(k) Cost-effectiveness by systemwide pooled purchasing to negotiate rates with providers.

(l) Freedom for patients to choose providers and for primary care providers to choose practice models.

(m) Greater investments in public health, primary care, and health equity efforts to address the social determinants of health through an improved mix of health care and human services. …

(s) Methods of payment, delivery, and oversight implemented under the unified health care financing system that will continue to allow California the ability to receive the full benefit of federal expenditures and tax credits that currently underwrite the full scope of health services.

1002. (a) (1) Stakeholder engagement shall include representatives of consumers, patients, and community-based health care service providers, community organizations, health care professionals, labor unions, employers, and health policy experts, as well as representatives of government agencies and philanthropic organizations focused on health care.

Kaiser Permanente Voice
(not online, but can sign up 
Nov 8, 2023
Teresa Stark, Vice President
California Government Relations

Universal coverage and affordability: The legislature and governor advanced a modest proposal to have the state explore what steps at the federal level would be required to implement a single-payer health care system in California. Such a system would be costly, disruptive, and detrimental to Kaiser Permanente and our members. While this bill was not ideal, it could help answer some important questions about whether the federal government fundamentally would or could ever take some of the quite radical actions likely needed to move single-payer forward in California. In 2024, we will continue to stress to the legislature how critical it is to refocus on achieving universal, affordable coverage for all Californians through more sensible means and address the root causes of high health care costs, like prescription drug prices and lack of well-integrated and coordinated care, free of harmful financial incentives.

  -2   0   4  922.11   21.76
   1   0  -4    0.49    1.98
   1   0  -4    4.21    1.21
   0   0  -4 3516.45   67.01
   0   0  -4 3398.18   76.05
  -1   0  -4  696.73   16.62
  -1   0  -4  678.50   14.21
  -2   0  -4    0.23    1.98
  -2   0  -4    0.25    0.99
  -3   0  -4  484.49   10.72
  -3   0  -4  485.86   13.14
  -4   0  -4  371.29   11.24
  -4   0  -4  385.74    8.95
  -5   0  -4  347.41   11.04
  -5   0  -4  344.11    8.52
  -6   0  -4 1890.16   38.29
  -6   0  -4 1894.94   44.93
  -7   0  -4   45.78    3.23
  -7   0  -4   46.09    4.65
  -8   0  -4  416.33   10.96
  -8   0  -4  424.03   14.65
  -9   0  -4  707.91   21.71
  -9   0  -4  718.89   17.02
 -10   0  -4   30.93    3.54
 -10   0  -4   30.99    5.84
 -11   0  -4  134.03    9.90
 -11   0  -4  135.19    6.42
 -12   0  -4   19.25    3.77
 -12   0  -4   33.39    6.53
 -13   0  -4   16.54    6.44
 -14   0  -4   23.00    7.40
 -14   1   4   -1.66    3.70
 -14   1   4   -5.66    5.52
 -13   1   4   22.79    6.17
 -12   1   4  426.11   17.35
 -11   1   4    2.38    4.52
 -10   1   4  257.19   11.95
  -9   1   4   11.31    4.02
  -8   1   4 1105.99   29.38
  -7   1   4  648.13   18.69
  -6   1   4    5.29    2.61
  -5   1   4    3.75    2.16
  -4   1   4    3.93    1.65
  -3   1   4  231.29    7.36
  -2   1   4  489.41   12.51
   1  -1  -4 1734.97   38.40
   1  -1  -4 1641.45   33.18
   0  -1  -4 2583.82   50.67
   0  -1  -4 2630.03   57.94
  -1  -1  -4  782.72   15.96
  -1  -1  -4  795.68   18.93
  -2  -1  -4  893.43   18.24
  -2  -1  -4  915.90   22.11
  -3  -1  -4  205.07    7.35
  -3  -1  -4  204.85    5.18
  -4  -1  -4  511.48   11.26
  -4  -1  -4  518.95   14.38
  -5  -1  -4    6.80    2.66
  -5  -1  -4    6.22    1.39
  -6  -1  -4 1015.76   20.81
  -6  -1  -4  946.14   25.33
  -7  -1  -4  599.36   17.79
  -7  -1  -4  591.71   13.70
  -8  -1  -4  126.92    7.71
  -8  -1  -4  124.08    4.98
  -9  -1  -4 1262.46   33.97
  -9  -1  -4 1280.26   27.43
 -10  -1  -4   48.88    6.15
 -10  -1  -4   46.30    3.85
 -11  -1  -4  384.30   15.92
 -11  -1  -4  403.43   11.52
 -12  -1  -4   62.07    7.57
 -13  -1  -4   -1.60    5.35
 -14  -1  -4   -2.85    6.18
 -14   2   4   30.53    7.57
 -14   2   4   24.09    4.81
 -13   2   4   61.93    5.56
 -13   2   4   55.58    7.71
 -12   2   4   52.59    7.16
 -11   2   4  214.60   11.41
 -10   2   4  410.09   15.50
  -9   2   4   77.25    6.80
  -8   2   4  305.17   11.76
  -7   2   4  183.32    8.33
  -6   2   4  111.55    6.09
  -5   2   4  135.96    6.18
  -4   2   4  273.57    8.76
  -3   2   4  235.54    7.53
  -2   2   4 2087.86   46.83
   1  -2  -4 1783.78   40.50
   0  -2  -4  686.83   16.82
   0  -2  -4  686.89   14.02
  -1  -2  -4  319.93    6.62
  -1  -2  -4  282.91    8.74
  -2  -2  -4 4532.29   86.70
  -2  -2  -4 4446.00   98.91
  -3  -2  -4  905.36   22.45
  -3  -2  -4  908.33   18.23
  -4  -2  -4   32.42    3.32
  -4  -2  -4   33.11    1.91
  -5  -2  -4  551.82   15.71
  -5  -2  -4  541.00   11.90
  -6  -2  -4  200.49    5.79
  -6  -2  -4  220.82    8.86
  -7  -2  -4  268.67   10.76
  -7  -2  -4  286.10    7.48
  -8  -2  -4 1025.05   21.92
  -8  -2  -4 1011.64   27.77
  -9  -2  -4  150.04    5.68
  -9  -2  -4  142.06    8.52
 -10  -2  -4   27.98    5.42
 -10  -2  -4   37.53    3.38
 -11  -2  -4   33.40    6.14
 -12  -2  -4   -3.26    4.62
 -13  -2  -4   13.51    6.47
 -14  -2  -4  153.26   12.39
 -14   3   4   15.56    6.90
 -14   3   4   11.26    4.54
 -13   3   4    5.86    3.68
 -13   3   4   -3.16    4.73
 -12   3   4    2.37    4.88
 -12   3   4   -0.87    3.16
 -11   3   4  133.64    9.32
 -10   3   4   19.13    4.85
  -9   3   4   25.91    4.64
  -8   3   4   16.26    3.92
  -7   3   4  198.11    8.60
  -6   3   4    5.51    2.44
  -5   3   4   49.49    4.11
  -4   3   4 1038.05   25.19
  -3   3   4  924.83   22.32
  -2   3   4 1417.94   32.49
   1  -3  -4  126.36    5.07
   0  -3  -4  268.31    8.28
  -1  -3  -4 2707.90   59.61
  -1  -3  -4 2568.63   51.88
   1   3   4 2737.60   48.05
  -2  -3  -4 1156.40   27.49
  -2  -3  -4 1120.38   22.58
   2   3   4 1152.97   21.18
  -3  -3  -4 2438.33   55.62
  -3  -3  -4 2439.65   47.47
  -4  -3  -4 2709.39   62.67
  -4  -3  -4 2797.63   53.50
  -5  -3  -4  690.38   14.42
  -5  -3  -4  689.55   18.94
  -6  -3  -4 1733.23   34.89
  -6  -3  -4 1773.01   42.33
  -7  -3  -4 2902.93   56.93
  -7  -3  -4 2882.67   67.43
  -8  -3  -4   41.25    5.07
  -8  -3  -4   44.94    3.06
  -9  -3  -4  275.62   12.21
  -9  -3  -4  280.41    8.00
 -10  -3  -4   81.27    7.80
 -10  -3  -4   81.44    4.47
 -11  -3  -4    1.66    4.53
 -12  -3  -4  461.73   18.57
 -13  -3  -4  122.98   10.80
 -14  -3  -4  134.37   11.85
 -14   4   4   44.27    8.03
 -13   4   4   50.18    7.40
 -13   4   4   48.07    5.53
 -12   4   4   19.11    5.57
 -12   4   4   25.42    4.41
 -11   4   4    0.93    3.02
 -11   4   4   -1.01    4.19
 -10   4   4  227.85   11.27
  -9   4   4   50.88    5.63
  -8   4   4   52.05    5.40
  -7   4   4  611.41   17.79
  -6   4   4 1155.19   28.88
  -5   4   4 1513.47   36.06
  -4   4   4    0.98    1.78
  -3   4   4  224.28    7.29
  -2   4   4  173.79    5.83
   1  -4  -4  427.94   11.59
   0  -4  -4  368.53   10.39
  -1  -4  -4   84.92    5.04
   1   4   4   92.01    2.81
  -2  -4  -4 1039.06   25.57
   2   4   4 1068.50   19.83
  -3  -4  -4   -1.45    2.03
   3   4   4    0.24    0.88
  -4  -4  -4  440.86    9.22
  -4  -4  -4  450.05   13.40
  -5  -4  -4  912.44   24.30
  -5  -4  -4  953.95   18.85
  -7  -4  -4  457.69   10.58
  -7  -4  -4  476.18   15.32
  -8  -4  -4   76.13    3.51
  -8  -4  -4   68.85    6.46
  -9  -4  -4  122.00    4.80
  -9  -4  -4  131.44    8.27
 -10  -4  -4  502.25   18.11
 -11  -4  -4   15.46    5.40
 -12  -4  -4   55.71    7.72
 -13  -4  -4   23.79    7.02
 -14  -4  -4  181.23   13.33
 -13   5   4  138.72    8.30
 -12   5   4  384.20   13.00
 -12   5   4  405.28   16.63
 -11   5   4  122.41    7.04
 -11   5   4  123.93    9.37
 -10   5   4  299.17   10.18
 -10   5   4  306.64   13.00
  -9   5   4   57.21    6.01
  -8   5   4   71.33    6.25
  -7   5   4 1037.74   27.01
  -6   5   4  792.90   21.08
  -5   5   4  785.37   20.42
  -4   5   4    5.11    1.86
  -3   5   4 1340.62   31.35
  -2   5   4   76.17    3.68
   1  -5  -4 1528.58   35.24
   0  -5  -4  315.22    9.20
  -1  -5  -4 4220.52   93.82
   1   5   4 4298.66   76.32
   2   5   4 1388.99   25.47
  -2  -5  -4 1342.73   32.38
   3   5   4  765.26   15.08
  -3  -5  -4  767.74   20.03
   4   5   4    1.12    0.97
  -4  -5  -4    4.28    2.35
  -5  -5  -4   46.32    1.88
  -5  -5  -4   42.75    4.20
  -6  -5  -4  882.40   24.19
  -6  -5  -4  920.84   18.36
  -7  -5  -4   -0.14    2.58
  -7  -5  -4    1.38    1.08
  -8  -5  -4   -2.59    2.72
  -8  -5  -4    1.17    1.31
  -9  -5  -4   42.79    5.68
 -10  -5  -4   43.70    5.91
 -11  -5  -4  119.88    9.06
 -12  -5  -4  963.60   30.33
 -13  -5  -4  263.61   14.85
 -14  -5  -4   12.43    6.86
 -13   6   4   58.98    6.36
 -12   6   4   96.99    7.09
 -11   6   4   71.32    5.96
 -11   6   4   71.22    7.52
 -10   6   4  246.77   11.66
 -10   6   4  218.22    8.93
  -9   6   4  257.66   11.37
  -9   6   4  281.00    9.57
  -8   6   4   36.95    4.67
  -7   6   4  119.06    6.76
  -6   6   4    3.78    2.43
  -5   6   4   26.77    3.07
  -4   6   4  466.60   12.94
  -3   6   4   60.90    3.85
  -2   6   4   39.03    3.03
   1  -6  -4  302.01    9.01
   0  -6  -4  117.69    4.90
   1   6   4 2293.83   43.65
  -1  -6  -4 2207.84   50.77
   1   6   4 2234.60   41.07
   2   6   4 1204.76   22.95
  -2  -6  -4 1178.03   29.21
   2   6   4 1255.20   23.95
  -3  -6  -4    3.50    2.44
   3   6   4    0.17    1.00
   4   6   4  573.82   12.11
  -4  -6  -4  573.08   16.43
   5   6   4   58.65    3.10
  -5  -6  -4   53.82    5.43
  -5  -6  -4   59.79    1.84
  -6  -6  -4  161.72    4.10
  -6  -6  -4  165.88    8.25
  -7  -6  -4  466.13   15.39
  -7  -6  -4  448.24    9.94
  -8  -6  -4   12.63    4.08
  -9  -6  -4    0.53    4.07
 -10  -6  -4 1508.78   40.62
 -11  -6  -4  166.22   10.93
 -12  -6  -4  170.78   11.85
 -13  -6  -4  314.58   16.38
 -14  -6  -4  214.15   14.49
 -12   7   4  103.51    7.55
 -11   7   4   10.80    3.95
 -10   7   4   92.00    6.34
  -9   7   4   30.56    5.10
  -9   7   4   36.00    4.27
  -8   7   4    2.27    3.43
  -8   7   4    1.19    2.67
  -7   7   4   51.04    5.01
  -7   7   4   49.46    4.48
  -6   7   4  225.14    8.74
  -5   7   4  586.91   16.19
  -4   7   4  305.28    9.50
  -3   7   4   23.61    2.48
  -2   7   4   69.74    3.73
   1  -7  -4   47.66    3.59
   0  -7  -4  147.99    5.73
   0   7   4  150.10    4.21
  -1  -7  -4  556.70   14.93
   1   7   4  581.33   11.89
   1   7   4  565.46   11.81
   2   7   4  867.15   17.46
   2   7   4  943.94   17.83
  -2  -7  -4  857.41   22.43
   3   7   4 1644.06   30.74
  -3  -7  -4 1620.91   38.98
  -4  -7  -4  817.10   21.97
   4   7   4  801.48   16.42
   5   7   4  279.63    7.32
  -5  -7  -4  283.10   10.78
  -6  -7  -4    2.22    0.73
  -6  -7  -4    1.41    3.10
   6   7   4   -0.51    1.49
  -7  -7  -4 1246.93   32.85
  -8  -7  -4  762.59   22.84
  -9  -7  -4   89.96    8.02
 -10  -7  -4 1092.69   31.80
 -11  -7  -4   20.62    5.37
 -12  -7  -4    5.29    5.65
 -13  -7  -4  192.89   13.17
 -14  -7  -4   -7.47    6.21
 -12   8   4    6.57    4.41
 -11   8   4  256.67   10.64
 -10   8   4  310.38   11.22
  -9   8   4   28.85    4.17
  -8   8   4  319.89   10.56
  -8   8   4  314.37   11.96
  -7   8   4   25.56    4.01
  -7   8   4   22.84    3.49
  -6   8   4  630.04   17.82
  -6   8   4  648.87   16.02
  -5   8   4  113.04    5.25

Comment by: Jim Kahn

California SB 770, now law, requires the State to convene discussions with the federal government on waivers required to deliver “unified financing” of health care in the state. This represents a practical step in pursuit of the recommendations of the Healthy California for All Commission, which in turn was Governor Gavin Newsom’s first major step in pursuit of his campaign pledge for single payer.